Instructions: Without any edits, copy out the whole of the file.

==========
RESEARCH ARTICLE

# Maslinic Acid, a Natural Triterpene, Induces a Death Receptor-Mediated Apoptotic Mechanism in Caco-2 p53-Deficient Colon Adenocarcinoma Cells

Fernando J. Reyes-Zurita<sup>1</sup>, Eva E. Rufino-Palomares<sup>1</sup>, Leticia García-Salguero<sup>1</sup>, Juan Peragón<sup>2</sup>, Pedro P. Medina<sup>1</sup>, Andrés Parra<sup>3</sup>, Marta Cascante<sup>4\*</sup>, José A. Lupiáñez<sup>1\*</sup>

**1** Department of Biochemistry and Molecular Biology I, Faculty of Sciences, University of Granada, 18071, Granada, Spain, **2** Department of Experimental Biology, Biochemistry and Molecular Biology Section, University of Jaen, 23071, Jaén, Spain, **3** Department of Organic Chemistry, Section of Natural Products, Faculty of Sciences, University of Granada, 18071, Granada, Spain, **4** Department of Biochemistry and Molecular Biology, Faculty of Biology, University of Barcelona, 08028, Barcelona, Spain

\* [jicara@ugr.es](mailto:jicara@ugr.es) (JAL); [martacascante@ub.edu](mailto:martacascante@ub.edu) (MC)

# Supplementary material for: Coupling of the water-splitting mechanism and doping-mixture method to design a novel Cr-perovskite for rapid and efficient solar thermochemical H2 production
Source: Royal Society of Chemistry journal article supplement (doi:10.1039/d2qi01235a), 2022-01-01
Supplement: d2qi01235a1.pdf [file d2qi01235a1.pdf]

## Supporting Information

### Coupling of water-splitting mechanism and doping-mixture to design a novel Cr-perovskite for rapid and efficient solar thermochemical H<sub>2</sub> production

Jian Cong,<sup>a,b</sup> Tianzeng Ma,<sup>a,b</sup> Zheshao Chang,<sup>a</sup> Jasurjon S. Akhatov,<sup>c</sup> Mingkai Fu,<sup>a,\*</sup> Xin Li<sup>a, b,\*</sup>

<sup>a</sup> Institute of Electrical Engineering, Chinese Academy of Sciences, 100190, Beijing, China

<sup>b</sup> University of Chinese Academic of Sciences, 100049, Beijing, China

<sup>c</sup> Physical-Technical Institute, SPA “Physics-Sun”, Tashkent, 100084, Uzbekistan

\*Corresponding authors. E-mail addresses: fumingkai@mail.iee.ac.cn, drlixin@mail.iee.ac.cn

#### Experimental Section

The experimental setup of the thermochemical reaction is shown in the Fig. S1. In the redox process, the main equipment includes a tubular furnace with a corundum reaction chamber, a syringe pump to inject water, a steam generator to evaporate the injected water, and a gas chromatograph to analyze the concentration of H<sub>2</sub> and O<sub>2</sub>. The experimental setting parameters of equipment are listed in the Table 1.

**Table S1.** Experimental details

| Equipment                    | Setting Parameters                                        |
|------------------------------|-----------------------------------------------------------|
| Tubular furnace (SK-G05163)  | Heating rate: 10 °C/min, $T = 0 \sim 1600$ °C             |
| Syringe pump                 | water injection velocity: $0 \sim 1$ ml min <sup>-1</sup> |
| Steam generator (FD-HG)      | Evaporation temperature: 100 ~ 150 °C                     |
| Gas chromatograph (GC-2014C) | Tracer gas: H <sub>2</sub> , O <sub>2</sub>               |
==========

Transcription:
RESEARCH ARTICLE

# Maslinic Acid, a Natural Triterpene, Induces a Death Receptor-Mediated Apoptotic Mechanism in Caco-2 p53-Deficient Colon Adenocarcinoma Cells

Fernando J. Reyes-Zurita<sup>1</sup>, Eva E. Rufino-Palomares<sup>1</sup>, Leticia García-Salguero<sup>1</sup>, Juan Peragón<sup>2</sup>, Pedro P. Medina<sup>1</sup>, Andrés Parra<sup>3</sup>, Marta Cascante<sup>4\*</sup>, José A. Lupiáñez<sup>1\*</sup>

**1** Department of Biochemistry and Molecular Biology I, Faculty of Sciences, University of Granada, 18071, Granada, Spain, **2** Department of Experimental Biology, Biochemistry and Molecular Biology Section, University of Jaen, 23071, Jaén, Spain, **3** Department of Organic Chemistry, Section of Natural Products, Faculty of Sciences, University of Granada, 18071, Granada, Spain, **4** Department of Biochemistry and Molecular Biology, Faculty of Biology, University of Barcelona, 08028, Barcelona, Spain

\* [jicara@ugr.es](mailto:jicara@ugr.es) (JAL); [martacascante@ub.edu](mailto:martacascante@ub.edu) (MC)

# Supplementary material for: Coupling of the water-splitting mechanism and doping-mixture method to design a novel Cr-perovskite for rapid and efficient solar thermochemical H2 production
Source: Royal Society of Chemistry journal article supplement (doi:10.1039/d2qi01235a), 2022-01-01
Supplement: d2qi01235a1.pdf [file d2qi01235a1.pdf]

## Supporting Information

### Coupling of water-splitting mechanism and doping-mixture to design a novel Cr-perovskite for rapid and efficient solar thermochemical H<sub>2</sub> production

Jian Cong,<sup>a,b</sup> Tianzeng Ma,<sup>a,b</sup> Zheshao Chang,<sup>a</sup> Jasurjon S. Akhatov,<sup>c</sup> Mingkai Fu,<sup>a,\*</sup> Xin Li<sup>a, b,\*</sup>

<sup>a</sup> Institute of Electrical Engineering, Chinese Academy of Sciences, 100190, Beijing, China

<sup>b</sup> University of Chinese Academic of Sciences, 100049, Beijing, China

<sup>c</sup> Physical-Technical Institute, SPA “Physics-Sun”, Tashkent, 100084, Uzbekistan

\*Corresponding authors. E-mail addresses: fumingkai@mail.iee.ac.cn, drlixin@mail.iee.ac.cn

#### Experimental Section

The experimental setup of the thermochemical reaction is shown in the Fig. S1. In the redox process, the main equipment includes a tubular furnace with a corundum reaction chamber, a syringe pump to inject water, a steam generator to evaporate the injected water, and a gas chromatograph to analyze the concentration of H<sub>2</sub> and O<sub>2</sub>. The experimental setting parameters of equipment are listed in the Table 1.

**Table S1.** Experimental details

| Equipment                    | Setting Parameters                                        |
|------------------------------|-----------------------------------------------------------|
| Tubular furnace (SK-G05163)  | Heating rate: 10 °C/min, $T = 0 \sim 1600$ °C             |
| Syringe pump                 | water injection velocity: $0 \sim 1$ ml min <sup>-1</sup> |
| Steam generator (FD-HG)      | Evaporation temperature: 100 ~ 150 °C                     |
| Gas chromatograph (GC-2014C) | Tracer gas: H <sub>2</sub> , O <sub>2</sub>               |